Engineered Band Gap Pushes Graphene Closer to Displacing Silicon
A new method for engineering a band gap into graphene maintains its attractive electronic properties Graphene might bethe best conductor of electrons we know. However, as a pure conductor it can’t stop the flow of electrons like a semiconductor such as siliconcan. Silicon’s ability to create an on/off state for the flow of electrons makes it possible to create the “0” and “1” of binary digital logic for computing.
While many believe this has pretty much taken graphene out of the running for digital logic applications that depend on turning the flow of electrons on and off, it hasn’t stopped researchers from looking to see if there’s a way to engineer a band gap into it that will make graphene behave like a semiconductor. The pressure of Moore’s Law on silicon is too much not to look for a solution from every corner. The problem with these engineered band gaps is that they come at the cost of compromising the electronic properties of graphene that were so attractive in the first place—most notably its high conductivity.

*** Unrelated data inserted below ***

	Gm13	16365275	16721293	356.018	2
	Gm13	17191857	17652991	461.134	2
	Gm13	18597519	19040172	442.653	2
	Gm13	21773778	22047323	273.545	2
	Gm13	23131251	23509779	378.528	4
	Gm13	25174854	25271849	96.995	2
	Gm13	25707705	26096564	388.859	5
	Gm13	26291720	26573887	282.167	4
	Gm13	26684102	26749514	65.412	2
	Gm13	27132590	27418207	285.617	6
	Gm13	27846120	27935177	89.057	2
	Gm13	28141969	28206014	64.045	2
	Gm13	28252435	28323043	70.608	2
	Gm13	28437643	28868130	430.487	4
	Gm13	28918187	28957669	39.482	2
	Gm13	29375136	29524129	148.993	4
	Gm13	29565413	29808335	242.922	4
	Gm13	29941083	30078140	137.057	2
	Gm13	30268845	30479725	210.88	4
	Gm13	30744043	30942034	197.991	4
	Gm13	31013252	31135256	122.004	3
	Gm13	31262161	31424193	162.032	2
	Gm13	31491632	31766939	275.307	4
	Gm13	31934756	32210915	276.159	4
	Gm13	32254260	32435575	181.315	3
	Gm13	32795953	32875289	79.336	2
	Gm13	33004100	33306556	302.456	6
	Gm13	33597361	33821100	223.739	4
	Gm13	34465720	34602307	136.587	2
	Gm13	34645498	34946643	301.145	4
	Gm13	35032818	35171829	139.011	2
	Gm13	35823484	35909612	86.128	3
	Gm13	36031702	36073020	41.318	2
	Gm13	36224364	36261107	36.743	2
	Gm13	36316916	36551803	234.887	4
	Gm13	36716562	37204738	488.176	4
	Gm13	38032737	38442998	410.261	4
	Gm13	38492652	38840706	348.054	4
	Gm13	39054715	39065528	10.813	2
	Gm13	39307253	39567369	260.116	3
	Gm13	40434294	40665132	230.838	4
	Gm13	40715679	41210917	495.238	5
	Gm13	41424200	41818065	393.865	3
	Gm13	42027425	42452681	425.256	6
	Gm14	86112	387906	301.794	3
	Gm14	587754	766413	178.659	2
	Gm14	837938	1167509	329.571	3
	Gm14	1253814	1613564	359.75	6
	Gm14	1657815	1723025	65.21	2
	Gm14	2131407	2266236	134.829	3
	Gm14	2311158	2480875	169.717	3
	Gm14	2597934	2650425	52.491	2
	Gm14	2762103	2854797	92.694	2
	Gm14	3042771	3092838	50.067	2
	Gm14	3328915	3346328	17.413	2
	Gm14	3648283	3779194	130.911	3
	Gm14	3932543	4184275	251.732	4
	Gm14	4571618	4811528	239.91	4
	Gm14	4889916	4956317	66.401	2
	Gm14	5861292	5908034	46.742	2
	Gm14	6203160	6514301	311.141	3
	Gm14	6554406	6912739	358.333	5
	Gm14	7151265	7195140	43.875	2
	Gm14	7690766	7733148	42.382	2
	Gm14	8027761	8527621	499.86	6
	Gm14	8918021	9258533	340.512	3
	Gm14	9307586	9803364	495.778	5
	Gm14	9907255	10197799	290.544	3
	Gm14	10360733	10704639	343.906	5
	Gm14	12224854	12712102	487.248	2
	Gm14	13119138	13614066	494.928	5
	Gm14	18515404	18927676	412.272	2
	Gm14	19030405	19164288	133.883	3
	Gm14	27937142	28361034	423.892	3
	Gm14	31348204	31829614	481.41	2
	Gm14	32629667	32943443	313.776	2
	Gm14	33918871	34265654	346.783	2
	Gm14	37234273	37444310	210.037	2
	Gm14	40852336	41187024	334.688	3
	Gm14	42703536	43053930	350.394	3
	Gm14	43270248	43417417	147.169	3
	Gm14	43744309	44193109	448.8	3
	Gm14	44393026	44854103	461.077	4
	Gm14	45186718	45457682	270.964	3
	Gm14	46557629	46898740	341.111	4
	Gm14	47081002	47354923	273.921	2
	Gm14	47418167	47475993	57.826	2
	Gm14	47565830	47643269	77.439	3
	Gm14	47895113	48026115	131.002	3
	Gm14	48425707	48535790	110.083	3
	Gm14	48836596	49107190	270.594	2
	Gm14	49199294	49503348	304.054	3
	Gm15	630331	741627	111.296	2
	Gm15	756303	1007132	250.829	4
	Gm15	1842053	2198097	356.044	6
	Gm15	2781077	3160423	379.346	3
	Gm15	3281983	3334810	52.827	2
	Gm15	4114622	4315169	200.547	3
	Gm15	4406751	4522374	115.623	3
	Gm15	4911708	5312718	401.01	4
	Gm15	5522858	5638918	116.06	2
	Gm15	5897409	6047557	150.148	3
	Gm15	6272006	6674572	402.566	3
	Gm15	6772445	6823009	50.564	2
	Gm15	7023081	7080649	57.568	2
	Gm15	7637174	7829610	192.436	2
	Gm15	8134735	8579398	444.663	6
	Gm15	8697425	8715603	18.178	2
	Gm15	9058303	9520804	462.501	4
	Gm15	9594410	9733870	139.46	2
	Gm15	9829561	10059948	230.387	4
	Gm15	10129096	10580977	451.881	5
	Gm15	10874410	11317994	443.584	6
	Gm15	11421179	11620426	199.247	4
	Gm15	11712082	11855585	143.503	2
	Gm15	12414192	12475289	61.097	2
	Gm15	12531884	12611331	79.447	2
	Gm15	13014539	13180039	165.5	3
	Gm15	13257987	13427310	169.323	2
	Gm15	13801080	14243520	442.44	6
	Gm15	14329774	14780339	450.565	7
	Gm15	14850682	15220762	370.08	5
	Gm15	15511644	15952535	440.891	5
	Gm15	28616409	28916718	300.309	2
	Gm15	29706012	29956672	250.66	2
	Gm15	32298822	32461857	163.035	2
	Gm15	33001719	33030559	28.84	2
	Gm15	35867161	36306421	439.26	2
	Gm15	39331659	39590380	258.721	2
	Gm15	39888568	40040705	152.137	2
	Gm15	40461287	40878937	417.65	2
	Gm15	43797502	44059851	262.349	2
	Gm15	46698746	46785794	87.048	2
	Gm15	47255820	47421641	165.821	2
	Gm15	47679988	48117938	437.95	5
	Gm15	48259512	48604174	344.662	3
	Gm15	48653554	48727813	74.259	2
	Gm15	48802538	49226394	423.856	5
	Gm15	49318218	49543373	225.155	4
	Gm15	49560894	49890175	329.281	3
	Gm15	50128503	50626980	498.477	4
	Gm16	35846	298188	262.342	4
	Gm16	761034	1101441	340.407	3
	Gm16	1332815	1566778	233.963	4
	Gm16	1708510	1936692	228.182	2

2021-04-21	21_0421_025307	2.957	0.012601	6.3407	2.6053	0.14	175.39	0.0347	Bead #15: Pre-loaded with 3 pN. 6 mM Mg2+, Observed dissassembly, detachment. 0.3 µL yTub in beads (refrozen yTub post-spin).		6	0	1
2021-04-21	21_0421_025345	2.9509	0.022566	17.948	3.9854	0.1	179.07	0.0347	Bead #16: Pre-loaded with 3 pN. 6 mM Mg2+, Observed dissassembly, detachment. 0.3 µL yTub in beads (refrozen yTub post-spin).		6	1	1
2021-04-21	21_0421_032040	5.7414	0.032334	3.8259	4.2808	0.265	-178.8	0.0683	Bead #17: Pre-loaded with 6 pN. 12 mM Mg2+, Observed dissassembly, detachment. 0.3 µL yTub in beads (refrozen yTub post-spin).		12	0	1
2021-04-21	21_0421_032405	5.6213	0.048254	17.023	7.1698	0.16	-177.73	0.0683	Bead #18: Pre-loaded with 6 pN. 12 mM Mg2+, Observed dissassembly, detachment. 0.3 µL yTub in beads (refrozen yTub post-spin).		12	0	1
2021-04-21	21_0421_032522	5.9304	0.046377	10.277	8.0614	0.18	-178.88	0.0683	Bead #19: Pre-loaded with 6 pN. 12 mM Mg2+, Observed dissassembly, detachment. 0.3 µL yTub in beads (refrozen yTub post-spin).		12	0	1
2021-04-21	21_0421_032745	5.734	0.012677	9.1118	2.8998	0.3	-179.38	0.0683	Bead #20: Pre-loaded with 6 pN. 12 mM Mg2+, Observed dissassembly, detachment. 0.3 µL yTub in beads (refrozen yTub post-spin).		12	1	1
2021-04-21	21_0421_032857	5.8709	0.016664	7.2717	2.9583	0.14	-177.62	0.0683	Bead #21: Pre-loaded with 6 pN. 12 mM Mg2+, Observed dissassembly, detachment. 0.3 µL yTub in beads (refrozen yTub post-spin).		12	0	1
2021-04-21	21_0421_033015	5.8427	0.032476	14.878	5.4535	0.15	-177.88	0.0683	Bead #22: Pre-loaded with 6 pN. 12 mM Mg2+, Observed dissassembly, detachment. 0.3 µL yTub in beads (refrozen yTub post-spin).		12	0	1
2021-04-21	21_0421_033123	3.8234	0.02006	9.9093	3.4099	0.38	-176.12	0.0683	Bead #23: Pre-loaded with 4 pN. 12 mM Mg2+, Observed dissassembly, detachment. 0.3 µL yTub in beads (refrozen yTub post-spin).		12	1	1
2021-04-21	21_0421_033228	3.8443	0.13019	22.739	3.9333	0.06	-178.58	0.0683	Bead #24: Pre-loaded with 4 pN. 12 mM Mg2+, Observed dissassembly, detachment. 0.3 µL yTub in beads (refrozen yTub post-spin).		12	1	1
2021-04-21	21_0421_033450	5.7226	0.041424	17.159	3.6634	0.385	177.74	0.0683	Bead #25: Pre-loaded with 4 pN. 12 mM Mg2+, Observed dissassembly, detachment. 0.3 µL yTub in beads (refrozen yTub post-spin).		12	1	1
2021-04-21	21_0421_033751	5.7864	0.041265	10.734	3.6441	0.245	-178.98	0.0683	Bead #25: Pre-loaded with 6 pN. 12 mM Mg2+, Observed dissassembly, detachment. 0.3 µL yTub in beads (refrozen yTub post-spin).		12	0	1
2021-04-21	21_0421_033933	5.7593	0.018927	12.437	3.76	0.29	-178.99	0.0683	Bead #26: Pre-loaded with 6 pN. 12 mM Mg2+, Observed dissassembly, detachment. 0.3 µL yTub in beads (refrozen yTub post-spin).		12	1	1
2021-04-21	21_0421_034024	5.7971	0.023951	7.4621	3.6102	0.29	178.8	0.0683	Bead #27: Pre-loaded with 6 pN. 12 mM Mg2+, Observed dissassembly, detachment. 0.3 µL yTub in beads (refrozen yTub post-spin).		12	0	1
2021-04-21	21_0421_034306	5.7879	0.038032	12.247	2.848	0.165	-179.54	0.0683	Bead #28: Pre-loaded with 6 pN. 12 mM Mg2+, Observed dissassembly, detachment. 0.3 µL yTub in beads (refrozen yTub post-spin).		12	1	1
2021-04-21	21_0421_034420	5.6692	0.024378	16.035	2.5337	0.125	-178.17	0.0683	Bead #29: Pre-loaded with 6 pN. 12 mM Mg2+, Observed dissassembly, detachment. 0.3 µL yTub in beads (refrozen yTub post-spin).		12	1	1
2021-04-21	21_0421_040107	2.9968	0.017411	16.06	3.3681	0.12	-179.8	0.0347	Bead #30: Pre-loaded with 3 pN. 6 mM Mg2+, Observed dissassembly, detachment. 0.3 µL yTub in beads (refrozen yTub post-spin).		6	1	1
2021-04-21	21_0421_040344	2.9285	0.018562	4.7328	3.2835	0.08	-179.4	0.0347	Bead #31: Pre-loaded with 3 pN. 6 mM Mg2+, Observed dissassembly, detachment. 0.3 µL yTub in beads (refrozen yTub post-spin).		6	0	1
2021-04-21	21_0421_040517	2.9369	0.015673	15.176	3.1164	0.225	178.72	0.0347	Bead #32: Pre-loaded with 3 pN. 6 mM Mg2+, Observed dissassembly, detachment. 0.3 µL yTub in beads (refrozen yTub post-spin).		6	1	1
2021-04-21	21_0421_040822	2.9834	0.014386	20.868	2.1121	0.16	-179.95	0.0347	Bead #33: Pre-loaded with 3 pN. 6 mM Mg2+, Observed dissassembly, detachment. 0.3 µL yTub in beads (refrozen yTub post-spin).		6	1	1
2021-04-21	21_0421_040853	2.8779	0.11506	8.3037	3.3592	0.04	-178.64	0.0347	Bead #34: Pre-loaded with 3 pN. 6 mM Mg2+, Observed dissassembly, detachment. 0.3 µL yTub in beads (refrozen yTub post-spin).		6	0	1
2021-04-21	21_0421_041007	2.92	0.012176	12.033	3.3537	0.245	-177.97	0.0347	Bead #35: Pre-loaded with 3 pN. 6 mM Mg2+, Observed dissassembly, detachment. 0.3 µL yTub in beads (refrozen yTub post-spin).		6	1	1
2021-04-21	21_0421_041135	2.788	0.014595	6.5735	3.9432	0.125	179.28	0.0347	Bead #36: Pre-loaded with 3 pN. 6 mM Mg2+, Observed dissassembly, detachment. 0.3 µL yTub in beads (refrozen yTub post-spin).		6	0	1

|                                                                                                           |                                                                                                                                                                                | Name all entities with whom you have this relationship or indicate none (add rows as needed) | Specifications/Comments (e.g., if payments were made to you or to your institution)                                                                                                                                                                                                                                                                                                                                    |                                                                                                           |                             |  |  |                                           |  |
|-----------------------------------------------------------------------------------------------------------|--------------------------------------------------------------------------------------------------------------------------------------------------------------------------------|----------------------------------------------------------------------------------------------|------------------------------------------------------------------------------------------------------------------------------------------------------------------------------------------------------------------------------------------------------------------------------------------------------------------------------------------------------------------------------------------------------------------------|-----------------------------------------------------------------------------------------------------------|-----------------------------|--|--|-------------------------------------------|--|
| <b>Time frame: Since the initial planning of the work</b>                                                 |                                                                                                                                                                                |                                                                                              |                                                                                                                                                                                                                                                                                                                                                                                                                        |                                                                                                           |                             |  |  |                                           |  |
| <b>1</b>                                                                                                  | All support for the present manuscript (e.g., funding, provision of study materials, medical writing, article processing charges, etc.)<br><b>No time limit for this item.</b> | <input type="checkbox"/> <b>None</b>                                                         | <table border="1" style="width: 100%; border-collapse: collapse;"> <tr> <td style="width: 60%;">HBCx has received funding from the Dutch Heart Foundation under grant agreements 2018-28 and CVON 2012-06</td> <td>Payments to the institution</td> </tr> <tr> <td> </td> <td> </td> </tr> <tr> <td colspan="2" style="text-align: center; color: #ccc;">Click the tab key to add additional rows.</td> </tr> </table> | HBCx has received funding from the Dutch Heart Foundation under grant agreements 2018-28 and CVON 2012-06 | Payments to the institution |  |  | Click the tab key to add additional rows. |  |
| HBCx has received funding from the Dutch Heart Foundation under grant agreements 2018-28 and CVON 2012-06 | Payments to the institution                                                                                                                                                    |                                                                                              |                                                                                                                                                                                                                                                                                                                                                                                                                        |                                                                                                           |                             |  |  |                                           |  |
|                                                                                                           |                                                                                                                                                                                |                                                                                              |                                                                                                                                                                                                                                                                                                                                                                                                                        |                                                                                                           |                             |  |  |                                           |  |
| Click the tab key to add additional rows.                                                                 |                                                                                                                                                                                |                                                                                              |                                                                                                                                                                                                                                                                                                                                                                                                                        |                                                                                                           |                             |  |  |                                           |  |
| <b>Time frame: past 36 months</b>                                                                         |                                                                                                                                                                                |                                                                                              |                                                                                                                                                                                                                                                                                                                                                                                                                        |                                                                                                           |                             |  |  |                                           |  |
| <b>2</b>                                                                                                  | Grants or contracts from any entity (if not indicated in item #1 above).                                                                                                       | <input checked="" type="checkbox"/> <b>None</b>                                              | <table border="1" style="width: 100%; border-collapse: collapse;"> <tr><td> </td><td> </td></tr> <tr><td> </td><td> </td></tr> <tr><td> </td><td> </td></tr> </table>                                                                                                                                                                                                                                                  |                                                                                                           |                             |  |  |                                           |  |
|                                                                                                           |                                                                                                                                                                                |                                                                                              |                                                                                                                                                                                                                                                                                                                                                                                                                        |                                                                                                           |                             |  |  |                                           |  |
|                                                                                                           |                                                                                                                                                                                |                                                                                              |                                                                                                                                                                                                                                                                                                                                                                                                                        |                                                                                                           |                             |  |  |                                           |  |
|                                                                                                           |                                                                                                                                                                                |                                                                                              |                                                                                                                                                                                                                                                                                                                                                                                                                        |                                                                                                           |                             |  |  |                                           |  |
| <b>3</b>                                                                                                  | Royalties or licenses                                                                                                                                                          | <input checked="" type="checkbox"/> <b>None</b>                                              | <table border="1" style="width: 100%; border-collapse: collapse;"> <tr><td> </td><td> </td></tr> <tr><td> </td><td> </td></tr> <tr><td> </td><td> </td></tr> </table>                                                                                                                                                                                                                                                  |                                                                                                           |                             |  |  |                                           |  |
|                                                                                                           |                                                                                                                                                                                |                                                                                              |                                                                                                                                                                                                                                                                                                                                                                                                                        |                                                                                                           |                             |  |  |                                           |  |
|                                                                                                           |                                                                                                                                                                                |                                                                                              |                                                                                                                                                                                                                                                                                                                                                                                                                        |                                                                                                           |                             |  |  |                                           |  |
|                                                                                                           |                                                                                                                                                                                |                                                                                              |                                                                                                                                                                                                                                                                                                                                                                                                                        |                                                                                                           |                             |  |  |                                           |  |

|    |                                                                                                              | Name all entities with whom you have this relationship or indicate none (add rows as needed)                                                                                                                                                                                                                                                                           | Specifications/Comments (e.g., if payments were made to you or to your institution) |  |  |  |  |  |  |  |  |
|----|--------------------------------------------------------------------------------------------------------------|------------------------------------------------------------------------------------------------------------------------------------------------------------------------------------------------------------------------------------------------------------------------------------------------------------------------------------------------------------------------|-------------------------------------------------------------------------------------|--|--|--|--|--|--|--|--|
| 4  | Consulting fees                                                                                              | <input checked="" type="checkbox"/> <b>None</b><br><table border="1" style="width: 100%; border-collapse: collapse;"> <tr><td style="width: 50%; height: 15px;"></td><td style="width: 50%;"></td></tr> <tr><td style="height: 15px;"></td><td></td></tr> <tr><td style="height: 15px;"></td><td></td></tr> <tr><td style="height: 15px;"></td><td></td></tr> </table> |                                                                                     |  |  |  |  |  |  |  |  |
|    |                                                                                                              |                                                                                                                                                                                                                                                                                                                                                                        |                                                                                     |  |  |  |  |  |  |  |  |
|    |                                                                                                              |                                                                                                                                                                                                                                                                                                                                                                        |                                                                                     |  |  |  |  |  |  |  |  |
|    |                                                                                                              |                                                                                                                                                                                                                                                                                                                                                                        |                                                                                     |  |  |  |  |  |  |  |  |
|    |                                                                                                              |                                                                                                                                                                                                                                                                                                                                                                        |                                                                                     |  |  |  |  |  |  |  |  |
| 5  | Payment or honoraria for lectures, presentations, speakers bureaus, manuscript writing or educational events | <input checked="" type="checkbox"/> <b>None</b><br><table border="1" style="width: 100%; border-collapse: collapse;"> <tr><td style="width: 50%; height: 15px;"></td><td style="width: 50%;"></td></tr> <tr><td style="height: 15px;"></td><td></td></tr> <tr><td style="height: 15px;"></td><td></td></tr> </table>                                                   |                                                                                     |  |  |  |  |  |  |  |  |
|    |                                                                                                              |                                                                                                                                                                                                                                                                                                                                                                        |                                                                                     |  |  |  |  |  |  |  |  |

Now a team of researchers at Columbia University has developed a graphene-based material that has a signifcant band gap without coming at the cost of sacrificing its attractive electronic properties. In research described in the journal Nature,the Columbia researchers have created what’s known as a van der Waal (vdW) heterostructure—a combination of different two-dimensional (2D) materials held together by atomic scale forces known van der Waal forces. The researchers have provided a new level of understanding about why band gaps emerge in these vdW heterostructures, and how to modify the stacking between the 2D layers to open a much larger band gap, potentially even without pressure.